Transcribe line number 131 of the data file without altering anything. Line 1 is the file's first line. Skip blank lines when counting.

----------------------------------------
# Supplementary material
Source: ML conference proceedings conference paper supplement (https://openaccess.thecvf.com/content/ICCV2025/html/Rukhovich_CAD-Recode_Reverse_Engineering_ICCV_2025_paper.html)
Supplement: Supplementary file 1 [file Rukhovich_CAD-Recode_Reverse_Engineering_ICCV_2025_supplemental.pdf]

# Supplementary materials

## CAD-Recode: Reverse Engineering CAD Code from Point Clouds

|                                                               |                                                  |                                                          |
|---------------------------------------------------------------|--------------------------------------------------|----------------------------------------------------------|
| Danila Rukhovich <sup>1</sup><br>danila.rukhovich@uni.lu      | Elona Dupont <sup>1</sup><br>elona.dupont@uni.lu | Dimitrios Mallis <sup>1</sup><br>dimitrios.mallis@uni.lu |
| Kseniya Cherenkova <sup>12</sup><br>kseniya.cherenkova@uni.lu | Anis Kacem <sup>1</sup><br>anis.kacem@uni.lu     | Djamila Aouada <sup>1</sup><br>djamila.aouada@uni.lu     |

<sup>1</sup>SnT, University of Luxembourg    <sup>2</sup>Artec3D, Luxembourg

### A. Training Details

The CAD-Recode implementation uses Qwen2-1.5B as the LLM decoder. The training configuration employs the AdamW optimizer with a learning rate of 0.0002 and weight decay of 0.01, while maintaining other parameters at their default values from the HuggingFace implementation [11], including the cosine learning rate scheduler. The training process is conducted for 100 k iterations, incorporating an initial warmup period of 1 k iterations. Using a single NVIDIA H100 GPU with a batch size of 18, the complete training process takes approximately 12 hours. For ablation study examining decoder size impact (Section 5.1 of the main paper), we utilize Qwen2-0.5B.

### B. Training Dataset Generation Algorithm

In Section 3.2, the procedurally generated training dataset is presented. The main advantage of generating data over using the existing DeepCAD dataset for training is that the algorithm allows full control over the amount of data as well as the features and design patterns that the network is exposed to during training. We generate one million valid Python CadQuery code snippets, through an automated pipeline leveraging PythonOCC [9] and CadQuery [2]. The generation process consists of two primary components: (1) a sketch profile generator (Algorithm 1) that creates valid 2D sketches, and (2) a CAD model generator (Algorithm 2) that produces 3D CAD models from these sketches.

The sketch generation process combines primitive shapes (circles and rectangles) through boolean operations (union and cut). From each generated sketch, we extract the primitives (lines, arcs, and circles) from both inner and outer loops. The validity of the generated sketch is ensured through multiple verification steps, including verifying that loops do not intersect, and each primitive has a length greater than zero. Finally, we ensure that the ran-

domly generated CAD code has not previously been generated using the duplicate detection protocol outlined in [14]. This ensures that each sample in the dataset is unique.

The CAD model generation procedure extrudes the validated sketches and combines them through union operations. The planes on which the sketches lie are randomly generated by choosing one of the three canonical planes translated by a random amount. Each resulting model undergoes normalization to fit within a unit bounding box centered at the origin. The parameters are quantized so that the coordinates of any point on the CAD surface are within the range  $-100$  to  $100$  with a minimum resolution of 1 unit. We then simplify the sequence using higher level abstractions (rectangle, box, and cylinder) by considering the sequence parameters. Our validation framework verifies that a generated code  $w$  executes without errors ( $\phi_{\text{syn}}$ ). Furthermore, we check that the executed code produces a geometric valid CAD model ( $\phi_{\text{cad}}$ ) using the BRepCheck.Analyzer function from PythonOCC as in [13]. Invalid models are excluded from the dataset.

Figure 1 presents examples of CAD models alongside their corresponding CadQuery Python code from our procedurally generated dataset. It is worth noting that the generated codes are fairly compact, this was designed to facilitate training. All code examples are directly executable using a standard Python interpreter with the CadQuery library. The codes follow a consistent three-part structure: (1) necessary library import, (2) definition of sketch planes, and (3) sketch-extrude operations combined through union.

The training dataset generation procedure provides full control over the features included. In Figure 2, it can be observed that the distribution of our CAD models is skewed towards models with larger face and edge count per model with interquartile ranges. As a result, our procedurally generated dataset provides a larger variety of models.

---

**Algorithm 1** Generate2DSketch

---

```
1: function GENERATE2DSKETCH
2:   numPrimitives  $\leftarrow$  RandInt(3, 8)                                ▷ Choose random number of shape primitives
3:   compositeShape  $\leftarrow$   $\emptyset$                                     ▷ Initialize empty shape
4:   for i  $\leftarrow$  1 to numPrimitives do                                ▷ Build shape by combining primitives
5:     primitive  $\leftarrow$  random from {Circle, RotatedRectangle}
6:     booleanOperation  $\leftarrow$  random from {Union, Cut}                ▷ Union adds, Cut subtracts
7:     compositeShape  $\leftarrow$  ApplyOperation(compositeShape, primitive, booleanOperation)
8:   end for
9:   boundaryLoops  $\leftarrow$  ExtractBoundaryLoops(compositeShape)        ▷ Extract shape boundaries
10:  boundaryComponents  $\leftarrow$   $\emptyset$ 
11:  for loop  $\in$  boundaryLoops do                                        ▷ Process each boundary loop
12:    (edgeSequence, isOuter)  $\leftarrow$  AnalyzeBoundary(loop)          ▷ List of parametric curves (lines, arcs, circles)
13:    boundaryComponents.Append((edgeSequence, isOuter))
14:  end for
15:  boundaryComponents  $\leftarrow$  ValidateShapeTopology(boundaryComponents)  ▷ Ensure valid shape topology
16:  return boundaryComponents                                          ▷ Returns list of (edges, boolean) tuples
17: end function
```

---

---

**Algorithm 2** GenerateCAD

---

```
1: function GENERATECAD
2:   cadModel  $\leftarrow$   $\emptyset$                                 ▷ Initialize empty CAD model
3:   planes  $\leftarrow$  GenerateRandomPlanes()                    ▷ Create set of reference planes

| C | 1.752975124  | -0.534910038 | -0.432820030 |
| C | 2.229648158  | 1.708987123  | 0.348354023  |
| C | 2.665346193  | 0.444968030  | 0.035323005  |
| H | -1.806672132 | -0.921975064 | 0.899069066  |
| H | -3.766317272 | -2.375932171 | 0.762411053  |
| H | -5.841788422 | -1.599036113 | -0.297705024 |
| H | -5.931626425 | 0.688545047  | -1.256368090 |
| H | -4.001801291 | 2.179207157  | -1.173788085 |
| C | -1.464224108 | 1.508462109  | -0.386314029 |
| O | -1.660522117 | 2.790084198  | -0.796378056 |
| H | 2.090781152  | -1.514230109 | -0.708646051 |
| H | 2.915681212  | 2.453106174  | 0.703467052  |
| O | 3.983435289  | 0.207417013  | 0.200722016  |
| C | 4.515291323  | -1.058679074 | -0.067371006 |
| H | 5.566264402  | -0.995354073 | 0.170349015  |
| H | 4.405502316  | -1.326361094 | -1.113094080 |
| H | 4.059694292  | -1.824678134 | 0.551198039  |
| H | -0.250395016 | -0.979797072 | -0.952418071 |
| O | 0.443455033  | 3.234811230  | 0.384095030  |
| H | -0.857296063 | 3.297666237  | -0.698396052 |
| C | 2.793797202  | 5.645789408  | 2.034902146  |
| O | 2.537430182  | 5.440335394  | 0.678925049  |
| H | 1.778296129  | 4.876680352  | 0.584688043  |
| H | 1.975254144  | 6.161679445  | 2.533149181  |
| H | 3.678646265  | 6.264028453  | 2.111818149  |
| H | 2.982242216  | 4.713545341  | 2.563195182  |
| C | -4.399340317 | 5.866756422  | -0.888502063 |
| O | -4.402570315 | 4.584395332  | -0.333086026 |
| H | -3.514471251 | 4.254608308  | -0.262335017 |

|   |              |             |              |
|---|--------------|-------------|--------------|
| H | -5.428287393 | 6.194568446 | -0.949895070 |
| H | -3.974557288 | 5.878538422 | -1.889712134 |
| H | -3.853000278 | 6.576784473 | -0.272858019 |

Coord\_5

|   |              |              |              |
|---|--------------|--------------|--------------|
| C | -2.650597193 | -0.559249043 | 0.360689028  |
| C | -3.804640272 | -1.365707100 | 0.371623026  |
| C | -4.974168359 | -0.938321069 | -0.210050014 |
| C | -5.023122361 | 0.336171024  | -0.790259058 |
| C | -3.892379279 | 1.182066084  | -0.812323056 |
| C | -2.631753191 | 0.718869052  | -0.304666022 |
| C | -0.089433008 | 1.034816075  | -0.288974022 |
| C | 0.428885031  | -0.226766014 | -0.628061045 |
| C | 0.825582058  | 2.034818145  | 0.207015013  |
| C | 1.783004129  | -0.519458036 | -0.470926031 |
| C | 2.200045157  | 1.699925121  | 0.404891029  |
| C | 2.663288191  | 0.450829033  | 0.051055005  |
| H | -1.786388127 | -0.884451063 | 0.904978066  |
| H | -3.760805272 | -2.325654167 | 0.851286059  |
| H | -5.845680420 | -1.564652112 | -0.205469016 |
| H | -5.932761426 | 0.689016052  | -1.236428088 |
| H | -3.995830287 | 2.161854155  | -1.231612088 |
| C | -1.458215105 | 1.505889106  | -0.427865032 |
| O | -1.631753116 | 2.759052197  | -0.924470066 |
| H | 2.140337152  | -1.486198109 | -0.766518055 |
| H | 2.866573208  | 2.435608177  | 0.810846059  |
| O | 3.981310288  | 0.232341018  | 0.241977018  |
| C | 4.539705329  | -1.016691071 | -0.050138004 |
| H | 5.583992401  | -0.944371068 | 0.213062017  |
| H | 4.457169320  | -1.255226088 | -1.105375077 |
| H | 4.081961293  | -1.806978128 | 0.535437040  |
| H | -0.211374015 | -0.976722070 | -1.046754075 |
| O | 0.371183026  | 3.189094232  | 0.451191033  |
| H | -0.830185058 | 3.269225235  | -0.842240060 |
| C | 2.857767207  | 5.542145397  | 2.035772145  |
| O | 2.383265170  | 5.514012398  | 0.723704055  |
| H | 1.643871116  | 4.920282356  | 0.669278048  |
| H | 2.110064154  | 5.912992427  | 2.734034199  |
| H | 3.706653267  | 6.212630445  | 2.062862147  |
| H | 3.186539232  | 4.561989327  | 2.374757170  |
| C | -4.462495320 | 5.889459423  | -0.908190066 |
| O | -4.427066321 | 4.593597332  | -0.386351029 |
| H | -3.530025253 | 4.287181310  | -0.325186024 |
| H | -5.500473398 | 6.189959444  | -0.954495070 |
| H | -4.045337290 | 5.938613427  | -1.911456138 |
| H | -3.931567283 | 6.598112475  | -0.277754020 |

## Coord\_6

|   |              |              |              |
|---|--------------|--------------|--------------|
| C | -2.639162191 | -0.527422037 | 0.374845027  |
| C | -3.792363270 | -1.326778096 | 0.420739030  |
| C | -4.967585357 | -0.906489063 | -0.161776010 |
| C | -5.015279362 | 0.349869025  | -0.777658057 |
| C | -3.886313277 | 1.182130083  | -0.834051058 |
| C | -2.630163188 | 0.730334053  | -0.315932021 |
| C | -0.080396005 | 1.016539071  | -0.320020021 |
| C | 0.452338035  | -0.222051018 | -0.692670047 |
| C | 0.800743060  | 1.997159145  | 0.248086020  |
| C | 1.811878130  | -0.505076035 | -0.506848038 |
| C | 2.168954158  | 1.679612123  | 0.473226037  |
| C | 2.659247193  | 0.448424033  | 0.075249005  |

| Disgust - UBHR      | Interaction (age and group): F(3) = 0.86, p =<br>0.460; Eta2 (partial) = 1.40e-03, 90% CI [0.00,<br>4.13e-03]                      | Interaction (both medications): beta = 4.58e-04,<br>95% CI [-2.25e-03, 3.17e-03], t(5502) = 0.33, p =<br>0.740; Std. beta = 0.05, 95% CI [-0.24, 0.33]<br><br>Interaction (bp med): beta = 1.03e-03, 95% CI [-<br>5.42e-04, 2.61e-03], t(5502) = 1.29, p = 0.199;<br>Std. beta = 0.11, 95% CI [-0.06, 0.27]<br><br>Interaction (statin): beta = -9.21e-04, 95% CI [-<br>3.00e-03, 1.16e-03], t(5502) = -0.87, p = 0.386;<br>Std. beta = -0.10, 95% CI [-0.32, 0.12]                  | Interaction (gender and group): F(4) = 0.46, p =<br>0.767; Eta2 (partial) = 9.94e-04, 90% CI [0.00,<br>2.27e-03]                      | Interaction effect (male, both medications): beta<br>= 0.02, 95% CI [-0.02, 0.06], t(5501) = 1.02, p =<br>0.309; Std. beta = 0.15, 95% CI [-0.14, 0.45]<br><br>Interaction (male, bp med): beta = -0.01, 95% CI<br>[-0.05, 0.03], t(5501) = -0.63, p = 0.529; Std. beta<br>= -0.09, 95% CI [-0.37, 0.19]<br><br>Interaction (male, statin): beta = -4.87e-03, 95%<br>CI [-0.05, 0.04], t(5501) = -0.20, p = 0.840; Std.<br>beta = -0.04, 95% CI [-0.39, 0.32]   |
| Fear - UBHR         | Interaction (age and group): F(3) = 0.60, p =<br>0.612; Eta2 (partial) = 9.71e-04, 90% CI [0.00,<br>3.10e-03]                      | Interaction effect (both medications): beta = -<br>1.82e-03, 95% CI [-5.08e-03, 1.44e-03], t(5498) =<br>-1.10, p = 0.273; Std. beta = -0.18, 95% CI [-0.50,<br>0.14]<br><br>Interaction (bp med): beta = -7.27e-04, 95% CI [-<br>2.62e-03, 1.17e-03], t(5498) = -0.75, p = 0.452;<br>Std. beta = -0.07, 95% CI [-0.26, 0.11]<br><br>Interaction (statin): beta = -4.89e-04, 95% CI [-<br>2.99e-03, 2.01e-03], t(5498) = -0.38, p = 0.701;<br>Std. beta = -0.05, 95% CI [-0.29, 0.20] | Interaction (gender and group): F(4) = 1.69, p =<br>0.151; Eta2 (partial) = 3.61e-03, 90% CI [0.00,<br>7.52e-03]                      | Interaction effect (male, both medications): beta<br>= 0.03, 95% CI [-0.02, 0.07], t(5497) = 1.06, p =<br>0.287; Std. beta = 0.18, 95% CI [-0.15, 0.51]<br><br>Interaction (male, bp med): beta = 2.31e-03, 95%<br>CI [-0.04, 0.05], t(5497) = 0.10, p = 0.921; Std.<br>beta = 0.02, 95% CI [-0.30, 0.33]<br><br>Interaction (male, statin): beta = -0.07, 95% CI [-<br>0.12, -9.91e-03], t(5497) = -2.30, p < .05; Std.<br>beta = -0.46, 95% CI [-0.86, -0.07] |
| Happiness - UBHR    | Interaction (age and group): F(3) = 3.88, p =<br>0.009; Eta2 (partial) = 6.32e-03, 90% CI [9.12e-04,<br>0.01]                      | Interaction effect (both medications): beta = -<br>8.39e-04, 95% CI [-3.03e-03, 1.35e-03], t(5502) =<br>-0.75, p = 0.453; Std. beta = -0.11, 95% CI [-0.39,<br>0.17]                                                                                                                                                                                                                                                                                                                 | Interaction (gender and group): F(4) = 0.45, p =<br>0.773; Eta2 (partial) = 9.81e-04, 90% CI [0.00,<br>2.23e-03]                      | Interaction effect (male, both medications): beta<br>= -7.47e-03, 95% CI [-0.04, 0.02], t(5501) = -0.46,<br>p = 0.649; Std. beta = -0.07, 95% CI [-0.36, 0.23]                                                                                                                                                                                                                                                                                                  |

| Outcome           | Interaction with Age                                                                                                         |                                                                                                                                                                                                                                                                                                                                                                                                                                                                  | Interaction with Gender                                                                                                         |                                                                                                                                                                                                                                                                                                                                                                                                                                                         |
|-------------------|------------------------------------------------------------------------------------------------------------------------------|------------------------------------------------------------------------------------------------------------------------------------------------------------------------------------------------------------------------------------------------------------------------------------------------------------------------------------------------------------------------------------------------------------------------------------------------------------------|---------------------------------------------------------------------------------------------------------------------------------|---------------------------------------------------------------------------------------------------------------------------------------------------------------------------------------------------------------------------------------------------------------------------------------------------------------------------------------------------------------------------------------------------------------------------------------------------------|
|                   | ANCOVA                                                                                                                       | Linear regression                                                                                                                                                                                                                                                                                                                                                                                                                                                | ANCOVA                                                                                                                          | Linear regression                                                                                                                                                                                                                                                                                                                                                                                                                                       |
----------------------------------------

| C | -2.639162191 | -0.527422037 | 0.374845027  |